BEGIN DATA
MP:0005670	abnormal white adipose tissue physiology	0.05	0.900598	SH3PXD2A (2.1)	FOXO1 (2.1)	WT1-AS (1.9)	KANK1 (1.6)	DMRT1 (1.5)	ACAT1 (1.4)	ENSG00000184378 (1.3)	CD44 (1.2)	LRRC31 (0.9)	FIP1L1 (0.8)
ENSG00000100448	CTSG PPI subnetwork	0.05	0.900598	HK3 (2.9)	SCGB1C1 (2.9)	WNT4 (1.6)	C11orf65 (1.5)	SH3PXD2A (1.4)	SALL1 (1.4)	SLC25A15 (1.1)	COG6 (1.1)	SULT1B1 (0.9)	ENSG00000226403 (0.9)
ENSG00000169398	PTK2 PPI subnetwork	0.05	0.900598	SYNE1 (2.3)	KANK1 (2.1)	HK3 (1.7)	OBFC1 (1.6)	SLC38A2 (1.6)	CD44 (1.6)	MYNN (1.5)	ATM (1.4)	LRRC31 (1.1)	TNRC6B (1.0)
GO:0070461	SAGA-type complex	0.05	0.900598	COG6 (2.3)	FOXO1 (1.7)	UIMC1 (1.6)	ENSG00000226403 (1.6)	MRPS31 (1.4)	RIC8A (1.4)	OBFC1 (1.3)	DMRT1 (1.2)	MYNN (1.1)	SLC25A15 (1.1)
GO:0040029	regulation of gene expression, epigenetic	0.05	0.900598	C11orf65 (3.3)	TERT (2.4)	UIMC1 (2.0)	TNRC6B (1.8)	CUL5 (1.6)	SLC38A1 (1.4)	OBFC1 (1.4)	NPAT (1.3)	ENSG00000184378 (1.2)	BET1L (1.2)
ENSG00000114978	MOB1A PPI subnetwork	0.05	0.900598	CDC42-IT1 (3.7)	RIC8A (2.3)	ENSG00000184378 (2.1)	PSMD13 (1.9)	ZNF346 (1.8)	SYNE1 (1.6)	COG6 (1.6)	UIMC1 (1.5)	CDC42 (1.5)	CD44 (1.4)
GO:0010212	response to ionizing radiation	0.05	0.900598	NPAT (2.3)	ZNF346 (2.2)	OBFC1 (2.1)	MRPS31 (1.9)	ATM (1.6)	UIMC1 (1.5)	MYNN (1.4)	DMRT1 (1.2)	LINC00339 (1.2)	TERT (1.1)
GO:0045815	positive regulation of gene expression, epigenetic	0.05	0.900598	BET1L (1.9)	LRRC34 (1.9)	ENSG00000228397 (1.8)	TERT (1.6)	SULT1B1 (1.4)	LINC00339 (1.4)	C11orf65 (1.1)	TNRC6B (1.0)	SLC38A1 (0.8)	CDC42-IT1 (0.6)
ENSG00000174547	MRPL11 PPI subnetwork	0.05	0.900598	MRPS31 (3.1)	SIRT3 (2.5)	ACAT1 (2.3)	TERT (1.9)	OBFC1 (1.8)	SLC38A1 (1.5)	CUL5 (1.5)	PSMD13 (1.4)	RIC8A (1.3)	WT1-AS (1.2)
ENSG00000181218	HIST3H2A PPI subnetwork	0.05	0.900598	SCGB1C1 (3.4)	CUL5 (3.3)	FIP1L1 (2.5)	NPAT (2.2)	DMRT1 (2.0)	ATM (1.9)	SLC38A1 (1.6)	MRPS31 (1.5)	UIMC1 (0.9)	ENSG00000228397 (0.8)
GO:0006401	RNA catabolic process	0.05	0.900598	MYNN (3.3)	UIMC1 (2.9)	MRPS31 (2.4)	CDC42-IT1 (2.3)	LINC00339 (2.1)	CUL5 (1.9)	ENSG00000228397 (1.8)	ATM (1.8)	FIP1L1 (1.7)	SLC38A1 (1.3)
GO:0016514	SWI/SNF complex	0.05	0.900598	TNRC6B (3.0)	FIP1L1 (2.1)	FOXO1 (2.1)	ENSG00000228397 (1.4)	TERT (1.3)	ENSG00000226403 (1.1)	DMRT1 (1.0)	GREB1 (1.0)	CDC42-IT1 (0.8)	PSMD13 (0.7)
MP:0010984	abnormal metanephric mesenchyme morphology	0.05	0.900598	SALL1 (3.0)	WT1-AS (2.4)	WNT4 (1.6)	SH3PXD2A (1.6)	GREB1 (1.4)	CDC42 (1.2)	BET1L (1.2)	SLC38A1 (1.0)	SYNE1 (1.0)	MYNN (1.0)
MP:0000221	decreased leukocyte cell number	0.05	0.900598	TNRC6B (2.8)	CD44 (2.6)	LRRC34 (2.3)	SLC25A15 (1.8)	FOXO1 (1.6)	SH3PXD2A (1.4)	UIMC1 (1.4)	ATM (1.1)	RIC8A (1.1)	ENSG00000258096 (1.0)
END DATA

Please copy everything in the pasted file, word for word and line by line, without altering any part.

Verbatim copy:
MP:0005670	abnormal white adipose tissue physiology	0.05	0.900598	SH3PXD2A (2.1)	FOXO1 (2.1)	WT1-AS (1.9)	KANK1 (1.6)	DMRT1 (1.5)	ACAT1 (1.4)	ENSG00000184378 (1.3)	CD44 (1.2)	LRRC31 (0.9)	FIP1L1 (0.8)
ENSG00000100448	CTSG PPI subnetwork	0.05	0.900598	HK3 (2.9)	SCGB1C1 (2.9)	WNT4 (1.6)	C11orf65 (1.5)	SH3PXD2A (1.4)	SALL1 (1.4)	SLC25A15 (1.1)	COG6 (1.1)	SULT1B1 (0.9)	ENSG00000226403 (0.9)
ENSG00000169398	PTK2 PPI subnetwork	0.05	0.900598	SYNE1 (2.3)	KANK1 (2.1)	HK3 (1.7)	OBFC1 (1.6)	SLC38A2 (1.6)	CD44 (1.6)	MYNN (1.5)	ATM (1.4)	LRRC31 (1.1)	TNRC6B (1.0)
GO:0070461	SAGA-type complex	0.05	0.900598	COG6 (2.3)	FOXO1 (1.7)	UIMC1 (1.6)	ENSG00000226403 (1.6)	MRPS31 (1.4)	RIC8A (1.4)	OBFC1 (1.3)	DMRT1 (1.2)	MYNN (1.1)	SLC25A15 (1.1)
GO:0040029	regulation of gene expression, epigenetic	0.05	0.900598	C11orf65 (3.3)	TERT (2.4)	UIMC1 (2.0)	TNRC6B (1.8)	CUL5 (1.6)	SLC38A1 (1.4)	OBFC1 (1.4)	NPAT (1.3)	ENSG00000184378 (1.2)	BET1L (1.2)
ENSG00000114978	MOB1A PPI subnetwork	0.05	0.900598	CDC42-IT1 (3.7)	RIC8A (2.3)	ENSG00000184378 (2.1)	PSMD13 (1.9)	ZNF346 (1.8)	SYNE1 (1.6)	COG6 (1.6)	UIMC1 (1.5)	CDC42 (1.5)	CD44 (1.4)
GO:0010212	response to ionizing radiation	0.05	0.900598	NPAT (2.3)	ZNF346 (2.2)	OBFC1 (2.1)	MRPS31 (1.9)	ATM (1.6)	UIMC1 (1.5)	MYNN (1.4)	DMRT1 (1.2)	LINC00339 (1.2)	TERT (1.1)
GO:0045815	positive regulation of gene expression, epigenetic	0.05	0.900598	BET1L (1.9)	LRRC34 (1.9)	ENSG00000228397 (1.8)	TERT (1.6)	SULT1B1 (1.4)	LINC00339 (1.4)	C11orf65 (1.1)	TNRC6B (1.0)	SLC38A1 (0.8)	CDC42-IT1 (0.6)
ENSG00000174547	MRPL11 PPI subnetwork	0.05	0.900598	MRPS31 (3.1)	SIRT3 (2.5)	ACAT1 (2.3)	TERT (1.9)	OBFC1 (1.8)	SLC38A1 (1.5)	CUL5 (1.5)	PSMD13 (1.4)	RIC8A (1.3)	WT1-AS (1.2)
ENSG00000181218	HIST3H2A PPI subnetwork	0.05	0.900598	SCGB1C1 (3.4)	CUL5 (3.3)	FIP1L1 (2.5)	NPAT (2.2)	DMRT1 (2.0)	ATM (1.9)	SLC38A1 (1.6)	MRPS31 (1.5)	UIMC1 (0.9)	ENSG00000228397 (0.8)
GO:0006401	RNA catabolic process	0.05	0.900598	MYNN (3.3)	UIMC1 (2.9)	MRPS31 (2.4)	CDC42-IT1 (2.3)	LINC00339 (2.1)	CUL5 (1.9)	ENSG00000228397 (1.8)	ATM (1.8)	FIP1L1 (1.7)	SLC38A1 (1.3)
GO:0016514	SWI/SNF complex	0.05	0.900598	TNRC6B (3.0)	FIP1L1 (2.1)	FOXO1 (2.1)	ENSG00000228397 (1.4)	TERT (1.3)	ENSG00000226403 (1.1)	DMRT1 (1.0)	GREB1 (1.0)	CDC42-IT1 (0.8)	PSMD13 (0.7)
MP:0010984	abnormal metanephric mesenchyme morphology	0.05	0.900598	SALL1 (3.0)	WT1-AS (2.4)	WNT4 (1.6)	SH3PXD2A (1.6)	GREB1 (1.4)	CDC42 (1.2)	BET1L (1.2)	SLC38A1 (1.0)	SYNE1 (1.0)	MYNN (1.0)
MP:0000221	decreased leukocyte cell number	0.05	0.900598	TNRC6B (2.8)	CD44 (2.6)	LRRC34 (2.3)	SLC25A15 (1.8)	FOXO1 (1.6)	SH3PXD2A (1.4)	UIMC1 (1.4)	ATM (1.1)	RIC8A (1.1)	ENSG00000258096 (1.0)